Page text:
Following Saturday night’s season ending injury to Robby Fabbri, the Blues announced on Sunday morning that Magnus Paajarvi and Kenny Agostino had been recalled from AHL Chicago.
Paajarvi is a familiar name to Blues fans, having been acquired in 2014 along with two draft picks (one of which became Ivan Barbashev) from Edmonton in exchange for David Perron. He has 23 points in 116 career games in St. Louis, including one goal in three games this season.
Agostino, however, is seeing his first call-up this season after appearing in two games with Calgary last year. He has two points in 10 career NHL games, but his minor league numbers may cause some Blues fans to think he can provide substantial help.
Agostino is currently leading the American Hockey League in scoring. His 60 points are good for 15 more than anyone else in the league, and his 42 assists lead the pack by 11. He was also fourth in the NHL this preseason with six points. He’s played the majority of the year on a line with Magnus Paajarvi and Ivan Barbashev, and all three players are now active with the Blues.
Unfortunately, sustained success in the AHL is rarely a precursor of success at the next level. Indeed, the reverse causal relationship may seem obvious; players who put up strong numbers in the AHL and show NHL potential will be promoted more quickly, leaving longevity to those with less obvious talents.
Every year, the AHL awards the John B. Sollenberger Trophy to its leading scorer. A quick perusal of the recent winners shows historically great AHL players like Chris Bourque and Darren Haydar, but in the last ten years, only Brandon Pirri has had measurable NHL success.
Jason Spezza won the trophy in 2004-05, but was only playing in the AHL due to the NHL lockout. Prior to him, Derek Armstrong’s 2000-01 victory is the next by a player who had even a moderately successful NHL career.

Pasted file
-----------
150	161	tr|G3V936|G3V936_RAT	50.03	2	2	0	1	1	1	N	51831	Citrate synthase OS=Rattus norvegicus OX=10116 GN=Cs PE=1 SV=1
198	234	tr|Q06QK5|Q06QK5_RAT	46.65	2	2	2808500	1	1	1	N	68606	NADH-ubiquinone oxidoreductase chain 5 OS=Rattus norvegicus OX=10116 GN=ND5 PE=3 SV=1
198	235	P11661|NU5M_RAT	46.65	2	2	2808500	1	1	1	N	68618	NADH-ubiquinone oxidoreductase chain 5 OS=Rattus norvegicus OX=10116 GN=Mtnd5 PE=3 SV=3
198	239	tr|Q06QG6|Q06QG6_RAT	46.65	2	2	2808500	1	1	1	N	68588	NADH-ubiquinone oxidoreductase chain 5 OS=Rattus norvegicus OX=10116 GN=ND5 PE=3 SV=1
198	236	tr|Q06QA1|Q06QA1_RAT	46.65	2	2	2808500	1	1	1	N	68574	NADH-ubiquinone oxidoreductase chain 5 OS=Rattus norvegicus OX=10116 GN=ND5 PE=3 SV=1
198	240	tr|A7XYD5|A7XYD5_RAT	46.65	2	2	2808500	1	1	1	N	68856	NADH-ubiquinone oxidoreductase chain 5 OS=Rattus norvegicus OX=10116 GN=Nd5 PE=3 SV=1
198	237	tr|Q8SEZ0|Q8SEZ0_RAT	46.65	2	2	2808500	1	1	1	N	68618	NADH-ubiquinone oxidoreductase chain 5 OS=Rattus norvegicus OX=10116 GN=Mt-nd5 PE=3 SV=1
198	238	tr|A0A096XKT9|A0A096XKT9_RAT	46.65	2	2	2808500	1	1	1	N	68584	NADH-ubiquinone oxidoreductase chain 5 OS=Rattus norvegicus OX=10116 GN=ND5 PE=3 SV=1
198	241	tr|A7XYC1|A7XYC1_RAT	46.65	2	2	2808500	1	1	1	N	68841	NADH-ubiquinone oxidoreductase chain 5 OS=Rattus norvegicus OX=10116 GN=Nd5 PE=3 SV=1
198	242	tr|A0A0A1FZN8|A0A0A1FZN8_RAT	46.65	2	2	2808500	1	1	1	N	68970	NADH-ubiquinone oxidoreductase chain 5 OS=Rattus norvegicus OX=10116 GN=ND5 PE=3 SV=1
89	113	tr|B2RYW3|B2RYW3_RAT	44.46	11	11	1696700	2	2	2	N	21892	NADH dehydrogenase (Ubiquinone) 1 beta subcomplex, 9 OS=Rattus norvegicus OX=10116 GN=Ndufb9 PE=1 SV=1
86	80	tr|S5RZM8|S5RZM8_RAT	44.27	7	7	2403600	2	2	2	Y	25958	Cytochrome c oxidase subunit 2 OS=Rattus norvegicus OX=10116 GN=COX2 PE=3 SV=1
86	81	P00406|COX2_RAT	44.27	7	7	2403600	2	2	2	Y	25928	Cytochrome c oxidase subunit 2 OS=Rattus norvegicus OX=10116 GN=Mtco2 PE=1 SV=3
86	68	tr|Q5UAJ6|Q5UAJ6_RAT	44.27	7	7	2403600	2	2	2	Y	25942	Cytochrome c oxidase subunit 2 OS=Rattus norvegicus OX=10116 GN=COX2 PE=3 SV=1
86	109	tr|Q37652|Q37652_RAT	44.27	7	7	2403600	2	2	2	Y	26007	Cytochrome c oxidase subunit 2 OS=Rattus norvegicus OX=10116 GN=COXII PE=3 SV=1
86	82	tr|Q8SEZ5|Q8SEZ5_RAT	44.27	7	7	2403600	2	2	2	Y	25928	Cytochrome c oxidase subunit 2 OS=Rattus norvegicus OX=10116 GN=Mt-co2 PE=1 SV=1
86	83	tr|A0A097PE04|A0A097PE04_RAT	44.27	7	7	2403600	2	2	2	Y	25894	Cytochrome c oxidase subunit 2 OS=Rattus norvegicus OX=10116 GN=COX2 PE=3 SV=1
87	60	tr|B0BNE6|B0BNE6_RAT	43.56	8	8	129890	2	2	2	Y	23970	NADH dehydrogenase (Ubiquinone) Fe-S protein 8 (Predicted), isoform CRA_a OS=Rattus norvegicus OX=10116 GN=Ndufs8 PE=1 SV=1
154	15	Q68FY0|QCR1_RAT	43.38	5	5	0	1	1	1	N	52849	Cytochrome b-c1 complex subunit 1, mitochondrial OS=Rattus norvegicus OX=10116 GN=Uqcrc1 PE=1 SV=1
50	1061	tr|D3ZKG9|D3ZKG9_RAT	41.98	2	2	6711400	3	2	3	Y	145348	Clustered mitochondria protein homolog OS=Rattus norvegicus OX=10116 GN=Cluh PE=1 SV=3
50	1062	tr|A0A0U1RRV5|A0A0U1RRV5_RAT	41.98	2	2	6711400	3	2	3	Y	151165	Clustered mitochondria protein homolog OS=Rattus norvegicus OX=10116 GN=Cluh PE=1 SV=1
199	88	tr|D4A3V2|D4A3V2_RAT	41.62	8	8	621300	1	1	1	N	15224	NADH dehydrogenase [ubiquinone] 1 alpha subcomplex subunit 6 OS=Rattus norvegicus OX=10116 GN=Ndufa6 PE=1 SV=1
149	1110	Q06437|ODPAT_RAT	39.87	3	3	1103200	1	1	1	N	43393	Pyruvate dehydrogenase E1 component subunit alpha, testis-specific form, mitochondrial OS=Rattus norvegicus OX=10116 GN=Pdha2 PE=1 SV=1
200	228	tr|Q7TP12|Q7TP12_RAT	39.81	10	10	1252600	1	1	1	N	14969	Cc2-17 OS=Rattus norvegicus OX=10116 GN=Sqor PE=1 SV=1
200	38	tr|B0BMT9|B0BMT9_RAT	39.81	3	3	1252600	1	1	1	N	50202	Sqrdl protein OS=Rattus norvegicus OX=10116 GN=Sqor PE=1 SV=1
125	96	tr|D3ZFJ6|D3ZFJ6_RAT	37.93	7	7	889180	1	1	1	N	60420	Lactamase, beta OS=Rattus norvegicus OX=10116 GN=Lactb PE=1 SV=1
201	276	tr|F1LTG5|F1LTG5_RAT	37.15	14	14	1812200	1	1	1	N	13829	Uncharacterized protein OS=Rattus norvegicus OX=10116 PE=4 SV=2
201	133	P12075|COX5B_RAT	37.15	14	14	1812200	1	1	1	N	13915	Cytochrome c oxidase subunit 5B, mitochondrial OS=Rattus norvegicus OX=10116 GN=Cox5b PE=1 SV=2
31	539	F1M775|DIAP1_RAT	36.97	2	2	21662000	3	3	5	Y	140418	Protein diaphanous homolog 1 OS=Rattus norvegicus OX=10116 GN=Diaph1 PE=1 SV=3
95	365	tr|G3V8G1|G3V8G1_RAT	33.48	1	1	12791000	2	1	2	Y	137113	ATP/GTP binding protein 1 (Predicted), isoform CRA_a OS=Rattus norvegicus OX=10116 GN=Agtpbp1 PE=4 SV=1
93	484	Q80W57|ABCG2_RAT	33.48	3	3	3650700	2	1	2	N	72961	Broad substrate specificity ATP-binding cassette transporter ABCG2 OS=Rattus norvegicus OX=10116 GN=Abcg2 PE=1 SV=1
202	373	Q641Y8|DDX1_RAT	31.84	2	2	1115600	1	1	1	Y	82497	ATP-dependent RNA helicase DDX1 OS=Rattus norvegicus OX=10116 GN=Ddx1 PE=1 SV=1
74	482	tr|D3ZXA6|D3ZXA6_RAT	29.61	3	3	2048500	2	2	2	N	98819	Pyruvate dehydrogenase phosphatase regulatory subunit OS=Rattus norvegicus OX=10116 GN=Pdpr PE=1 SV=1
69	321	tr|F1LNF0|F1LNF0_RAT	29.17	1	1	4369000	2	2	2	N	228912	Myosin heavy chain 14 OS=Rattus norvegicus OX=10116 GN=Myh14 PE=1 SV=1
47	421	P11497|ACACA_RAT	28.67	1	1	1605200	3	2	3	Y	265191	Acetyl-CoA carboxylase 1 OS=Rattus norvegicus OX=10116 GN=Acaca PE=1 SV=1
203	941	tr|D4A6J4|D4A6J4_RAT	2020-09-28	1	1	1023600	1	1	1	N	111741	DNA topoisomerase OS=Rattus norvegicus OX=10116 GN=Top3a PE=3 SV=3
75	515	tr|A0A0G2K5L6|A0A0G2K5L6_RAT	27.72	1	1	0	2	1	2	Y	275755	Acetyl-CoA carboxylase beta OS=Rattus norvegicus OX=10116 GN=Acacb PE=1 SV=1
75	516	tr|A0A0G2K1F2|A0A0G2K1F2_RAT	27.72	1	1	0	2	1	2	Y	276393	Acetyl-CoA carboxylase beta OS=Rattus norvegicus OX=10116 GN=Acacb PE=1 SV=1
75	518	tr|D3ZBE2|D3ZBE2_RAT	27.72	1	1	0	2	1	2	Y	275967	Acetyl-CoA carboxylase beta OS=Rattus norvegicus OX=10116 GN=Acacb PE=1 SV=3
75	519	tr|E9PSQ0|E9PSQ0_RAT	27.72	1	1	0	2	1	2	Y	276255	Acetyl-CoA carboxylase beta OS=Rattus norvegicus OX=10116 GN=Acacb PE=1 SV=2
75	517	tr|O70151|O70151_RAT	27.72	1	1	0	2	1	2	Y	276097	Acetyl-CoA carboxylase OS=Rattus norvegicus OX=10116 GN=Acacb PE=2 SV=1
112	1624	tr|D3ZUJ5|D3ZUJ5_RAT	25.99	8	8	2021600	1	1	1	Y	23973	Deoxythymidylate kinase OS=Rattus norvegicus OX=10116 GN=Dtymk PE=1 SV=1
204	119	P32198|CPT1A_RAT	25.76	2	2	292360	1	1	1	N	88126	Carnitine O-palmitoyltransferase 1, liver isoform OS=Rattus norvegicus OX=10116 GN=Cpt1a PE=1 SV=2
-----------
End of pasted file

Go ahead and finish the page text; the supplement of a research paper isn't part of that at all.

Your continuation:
There are, of course, examples that run the other direction. Darryl Hunt, a Worcester hockey stalwart who has covered the AHL IceCats and Sharks and now covers the ECHL Railers, pointed out that Ottawa’s Mike Hoffman has had a great deal of AHL success.
Hoffman put up 102 points in 191 career AHL games before breaking into the NHL full time in his age 25 season. Since making that leap in 2014-15, Hoffman has 144 points in 202 NHL games.
Agostino’s numbers have been much better. He has 160 points in 180 games, and coincidentally, is just now 25. Hoffman was drafted in the fifth round of the 2009 draft, and Agostino was drafted in the same round the following year.
If Kenny Agostino becomes Mike Hoffman, the St. Louis Blues will be thrilled, and the Calgary Flames will be kicking themselves for letting him go. While that’s far from the most likely outcome, it’s at least enough to give the Blues a glimmer of hope that he can carry the huge offensive load that must now be picked up.